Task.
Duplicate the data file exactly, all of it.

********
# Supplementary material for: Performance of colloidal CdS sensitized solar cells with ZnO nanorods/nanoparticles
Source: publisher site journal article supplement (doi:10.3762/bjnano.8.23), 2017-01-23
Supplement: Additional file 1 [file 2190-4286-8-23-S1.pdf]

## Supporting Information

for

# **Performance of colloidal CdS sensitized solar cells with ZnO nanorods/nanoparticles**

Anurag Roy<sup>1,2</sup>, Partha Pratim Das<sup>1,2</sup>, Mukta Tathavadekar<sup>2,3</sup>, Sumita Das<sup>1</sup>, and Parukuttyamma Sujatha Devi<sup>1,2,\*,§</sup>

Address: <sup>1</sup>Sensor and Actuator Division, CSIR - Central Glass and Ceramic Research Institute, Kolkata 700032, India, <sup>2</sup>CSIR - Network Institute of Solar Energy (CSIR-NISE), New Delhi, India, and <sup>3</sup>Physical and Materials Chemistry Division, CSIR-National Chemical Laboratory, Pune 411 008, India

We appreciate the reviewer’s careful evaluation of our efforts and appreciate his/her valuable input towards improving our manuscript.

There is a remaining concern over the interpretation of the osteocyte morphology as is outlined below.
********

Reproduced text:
# Supplementary material for: Performance of colloidal CdS sensitized solar cells with ZnO nanorods/nanoparticles
Source: publisher site journal article supplement (doi:10.3762/bjnano.8.23), 2017-01-23
Supplement: Additional file 1 [file 2190-4286-8-23-S1.pdf]

## Supporting Information

for

# **Performance of colloidal CdS sensitized solar cells with ZnO nanorods/nanoparticles**

Anurag Roy<sup>1,2</sup>, Partha Pratim Das<sup>1,2</sup>, Mukta Tathavadekar<sup>2,3</sup>, Sumita Das<sup>1</sup>, and Parukuttyamma Sujatha Devi<sup>1,2,\*,§</sup>

Address: <sup>1</sup>Sensor and Actuator Division, CSIR - Central Glass and Ceramic Research Institute, Kolkata 700032, India, <sup>2</sup>CSIR - Network Institute of Solar Energy (CSIR-NISE), New Delhi, India, and <sup>3</sup>Physical and Materials Chemistry Division, CSIR-National Chemical Laboratory, Pune 411 008, India

We appreciate the reviewer’s careful evaluation of our efforts and appreciate his/her valuable input towards improving our manuscript.

There is a remaining concern over the interpretation of the osteocyte morphology as is outlined below.